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  #1  
Old 08-26-2015, 11:40 AM
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Toobuilder Toobuilder is offline
 
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Question Polyurethane For Dynafocal Isloators?

Looking at a spare polyurethane automotive suspension bushing the other day and I thought I could chuck it in the lathe and turn out a dimensionally accurate replica of the Lord mounts on my Rocket pretty easily. Yes, it's a lot harder than the Lord mount, but if the vibe and shaking is acceptable, it should last about forever and will never sag.

Has anyone done this?

If so, any comments pro/con?
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  #2  
Old 09-20-2015, 08:41 AM
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OK no experience with this anywhere on the web that I can find, so I did it myself. I purchased a 24 x 3 inch stick of polyurethane for about $100 bucks (2 complete airplanes worth) and put my lathe to work on some mount pucks, spacers and washers.







Currently, they are installed on the upper ears only just until I decide if they are acceptable. After installation and ground test yesterday, I went ahead and flew it for about 30 minutes. As expected, it transmits more movement to the airframe, but I'm undecided if it is "too much". It is certainly not going to hurt any structure or instrumentation- it's just a bit more than I'm used to with this airplane. In fact, I've flown 4 banger Lycomings with similar vibration levels.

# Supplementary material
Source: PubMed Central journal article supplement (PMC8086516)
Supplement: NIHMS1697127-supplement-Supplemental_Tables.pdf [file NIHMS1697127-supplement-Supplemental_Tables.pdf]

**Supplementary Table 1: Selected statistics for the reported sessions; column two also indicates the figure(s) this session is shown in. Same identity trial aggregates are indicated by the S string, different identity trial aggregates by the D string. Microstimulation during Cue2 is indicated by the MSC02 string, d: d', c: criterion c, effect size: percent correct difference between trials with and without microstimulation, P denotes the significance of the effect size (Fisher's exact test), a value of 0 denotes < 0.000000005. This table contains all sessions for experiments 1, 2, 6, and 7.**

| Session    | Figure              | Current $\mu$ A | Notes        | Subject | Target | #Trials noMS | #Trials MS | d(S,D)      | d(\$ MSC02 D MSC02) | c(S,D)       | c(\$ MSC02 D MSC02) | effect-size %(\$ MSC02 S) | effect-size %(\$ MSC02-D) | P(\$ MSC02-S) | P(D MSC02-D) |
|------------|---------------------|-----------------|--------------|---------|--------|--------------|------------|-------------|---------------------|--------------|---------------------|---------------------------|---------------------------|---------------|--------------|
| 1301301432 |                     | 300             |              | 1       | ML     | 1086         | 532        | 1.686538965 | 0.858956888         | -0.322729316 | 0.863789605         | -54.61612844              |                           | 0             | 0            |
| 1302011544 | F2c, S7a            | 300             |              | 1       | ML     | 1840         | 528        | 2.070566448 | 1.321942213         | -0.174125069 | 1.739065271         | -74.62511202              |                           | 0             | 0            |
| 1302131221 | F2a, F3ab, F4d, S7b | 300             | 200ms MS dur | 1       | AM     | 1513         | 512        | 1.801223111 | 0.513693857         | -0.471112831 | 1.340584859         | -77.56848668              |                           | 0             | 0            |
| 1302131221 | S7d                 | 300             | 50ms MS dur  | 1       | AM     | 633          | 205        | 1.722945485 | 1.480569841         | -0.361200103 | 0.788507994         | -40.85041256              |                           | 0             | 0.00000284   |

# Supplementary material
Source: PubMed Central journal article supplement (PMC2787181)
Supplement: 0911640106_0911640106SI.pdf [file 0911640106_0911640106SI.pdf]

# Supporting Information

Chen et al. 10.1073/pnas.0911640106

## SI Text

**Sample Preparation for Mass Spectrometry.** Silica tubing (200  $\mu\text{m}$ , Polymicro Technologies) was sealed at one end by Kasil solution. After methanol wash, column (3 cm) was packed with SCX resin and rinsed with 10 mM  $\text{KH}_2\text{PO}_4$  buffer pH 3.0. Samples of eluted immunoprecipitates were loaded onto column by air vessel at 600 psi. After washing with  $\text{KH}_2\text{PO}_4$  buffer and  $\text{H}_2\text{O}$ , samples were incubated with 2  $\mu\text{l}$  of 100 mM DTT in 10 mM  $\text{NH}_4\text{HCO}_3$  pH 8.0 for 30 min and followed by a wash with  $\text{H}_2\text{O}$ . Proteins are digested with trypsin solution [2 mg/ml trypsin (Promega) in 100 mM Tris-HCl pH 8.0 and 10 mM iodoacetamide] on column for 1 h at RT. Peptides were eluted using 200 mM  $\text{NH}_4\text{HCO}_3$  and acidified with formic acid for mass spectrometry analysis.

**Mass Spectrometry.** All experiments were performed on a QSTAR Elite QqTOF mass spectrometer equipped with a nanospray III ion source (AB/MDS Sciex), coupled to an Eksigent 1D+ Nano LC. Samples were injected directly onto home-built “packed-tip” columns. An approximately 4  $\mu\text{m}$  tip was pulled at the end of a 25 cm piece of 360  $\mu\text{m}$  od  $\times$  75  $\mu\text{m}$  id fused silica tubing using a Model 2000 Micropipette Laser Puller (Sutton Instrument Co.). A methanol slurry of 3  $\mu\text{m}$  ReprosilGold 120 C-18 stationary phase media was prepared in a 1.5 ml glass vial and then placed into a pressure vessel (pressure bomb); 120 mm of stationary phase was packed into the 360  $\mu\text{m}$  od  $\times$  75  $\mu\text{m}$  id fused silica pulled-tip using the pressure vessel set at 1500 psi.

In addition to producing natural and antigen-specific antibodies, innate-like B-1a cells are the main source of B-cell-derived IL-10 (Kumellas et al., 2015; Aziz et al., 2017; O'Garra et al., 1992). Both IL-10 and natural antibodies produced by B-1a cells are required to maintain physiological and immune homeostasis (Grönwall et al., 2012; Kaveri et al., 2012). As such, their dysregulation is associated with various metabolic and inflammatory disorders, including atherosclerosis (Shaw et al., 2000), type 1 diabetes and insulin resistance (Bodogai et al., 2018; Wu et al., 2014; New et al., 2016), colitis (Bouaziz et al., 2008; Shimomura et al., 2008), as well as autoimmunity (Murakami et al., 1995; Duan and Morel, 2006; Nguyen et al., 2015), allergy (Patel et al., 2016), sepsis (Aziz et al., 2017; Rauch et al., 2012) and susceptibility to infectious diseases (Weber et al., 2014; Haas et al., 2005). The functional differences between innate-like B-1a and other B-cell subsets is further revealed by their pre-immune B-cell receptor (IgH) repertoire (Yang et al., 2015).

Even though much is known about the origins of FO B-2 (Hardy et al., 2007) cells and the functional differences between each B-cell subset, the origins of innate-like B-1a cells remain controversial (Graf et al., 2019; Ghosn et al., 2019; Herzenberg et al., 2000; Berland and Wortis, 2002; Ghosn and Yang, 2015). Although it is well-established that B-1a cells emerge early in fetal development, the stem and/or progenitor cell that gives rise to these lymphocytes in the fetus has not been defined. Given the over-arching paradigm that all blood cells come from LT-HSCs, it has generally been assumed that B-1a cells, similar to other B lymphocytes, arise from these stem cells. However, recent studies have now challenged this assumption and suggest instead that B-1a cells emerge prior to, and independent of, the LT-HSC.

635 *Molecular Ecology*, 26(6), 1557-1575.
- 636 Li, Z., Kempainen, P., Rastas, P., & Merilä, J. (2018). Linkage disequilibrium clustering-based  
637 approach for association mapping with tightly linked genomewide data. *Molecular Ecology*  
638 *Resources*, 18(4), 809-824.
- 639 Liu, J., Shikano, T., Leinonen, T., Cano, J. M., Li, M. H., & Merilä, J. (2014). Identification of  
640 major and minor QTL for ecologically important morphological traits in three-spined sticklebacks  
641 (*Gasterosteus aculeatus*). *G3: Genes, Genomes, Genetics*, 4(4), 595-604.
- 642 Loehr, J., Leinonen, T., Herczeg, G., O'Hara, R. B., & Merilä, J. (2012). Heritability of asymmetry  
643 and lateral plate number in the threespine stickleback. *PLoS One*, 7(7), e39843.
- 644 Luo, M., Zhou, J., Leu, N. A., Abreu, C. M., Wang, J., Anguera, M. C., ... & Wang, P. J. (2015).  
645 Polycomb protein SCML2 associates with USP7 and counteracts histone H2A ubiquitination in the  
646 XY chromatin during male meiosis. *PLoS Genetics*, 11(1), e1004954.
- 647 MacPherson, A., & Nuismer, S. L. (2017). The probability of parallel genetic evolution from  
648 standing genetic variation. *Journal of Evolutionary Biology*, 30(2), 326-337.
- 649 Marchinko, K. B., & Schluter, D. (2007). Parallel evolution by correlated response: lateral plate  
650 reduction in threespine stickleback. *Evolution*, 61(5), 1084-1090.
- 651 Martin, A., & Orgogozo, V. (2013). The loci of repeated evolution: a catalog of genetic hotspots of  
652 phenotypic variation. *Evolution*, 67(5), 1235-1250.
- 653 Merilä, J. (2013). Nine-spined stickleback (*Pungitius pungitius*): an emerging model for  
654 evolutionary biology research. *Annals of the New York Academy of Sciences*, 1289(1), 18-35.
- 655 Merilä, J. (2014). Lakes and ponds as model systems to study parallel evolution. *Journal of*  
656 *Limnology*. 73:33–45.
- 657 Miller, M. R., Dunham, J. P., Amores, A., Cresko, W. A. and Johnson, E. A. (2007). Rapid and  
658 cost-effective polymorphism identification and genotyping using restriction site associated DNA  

Overall I expect that these mounts will completely eliminate the "shear sag" that the rubber mounts have and last the life of the airframe, at the expense of being stiffer overall and very sensitive to temperature. These warmed up on yesterdays flight and got smoother, so I expect a cold start after sitting overnight in sub zero temps is going to be very rough for a while. We shall see. I'll keep you all posted.
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Last edited by Toobuilder : 09-20-2015 at 09:40 AM.
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  #3  
Old 09-24-2015, 07:27 AM
Radioflyer Radioflyer is offline
 
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Michael, thanks immensely for doing the experiment. I will be on the lookout for further reports. The standard Lord or Barry rubber mounts are way too expensive, even the generic aircraft spruce ones and I've often thought about trying to find cheaper substitutes. I wonder if it is possible to do the same (I.e., machine or fabricate) mounts from a stick or stack of high Shore number rubber?
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  #4  
Old 09-24-2015, 06:39 PM
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It will be a couple weeks before the second set goes in but I will let you know how it goes of course.

I would like to point out that while the Lord (and equivalent) isolators are way more expensive than I'd like to see, they are quite a bit more sophisticated than what I'm doing here. Lords hang the entire engine on a rubber bellows which has the conflicting requirements of allowing a lot of engine movement, but keeping that same heavy lump located in one position in space. They need to produce consistent results over a wide range of temperatures, to boot.

All I'm doing is building oversized conical mounts, and they only have the requirement of keeping the engine located (forever, I hope), and provide an "acceptable" level of vibration isolation. I have some experimenting to do, but I doubt these will ever be acceptable for a family cruiser like a -10. OTOH, it will likely be "OK" for a hot rod like a Rocket, but a slam dunk for a hard core acro machine which only flies for 45 minutes at a time. Time will tell.
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Last edited by Toobuilder : 09-24-2015 at 06:45 PM.
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  #5  
Old 09-24-2015, 07:05 PM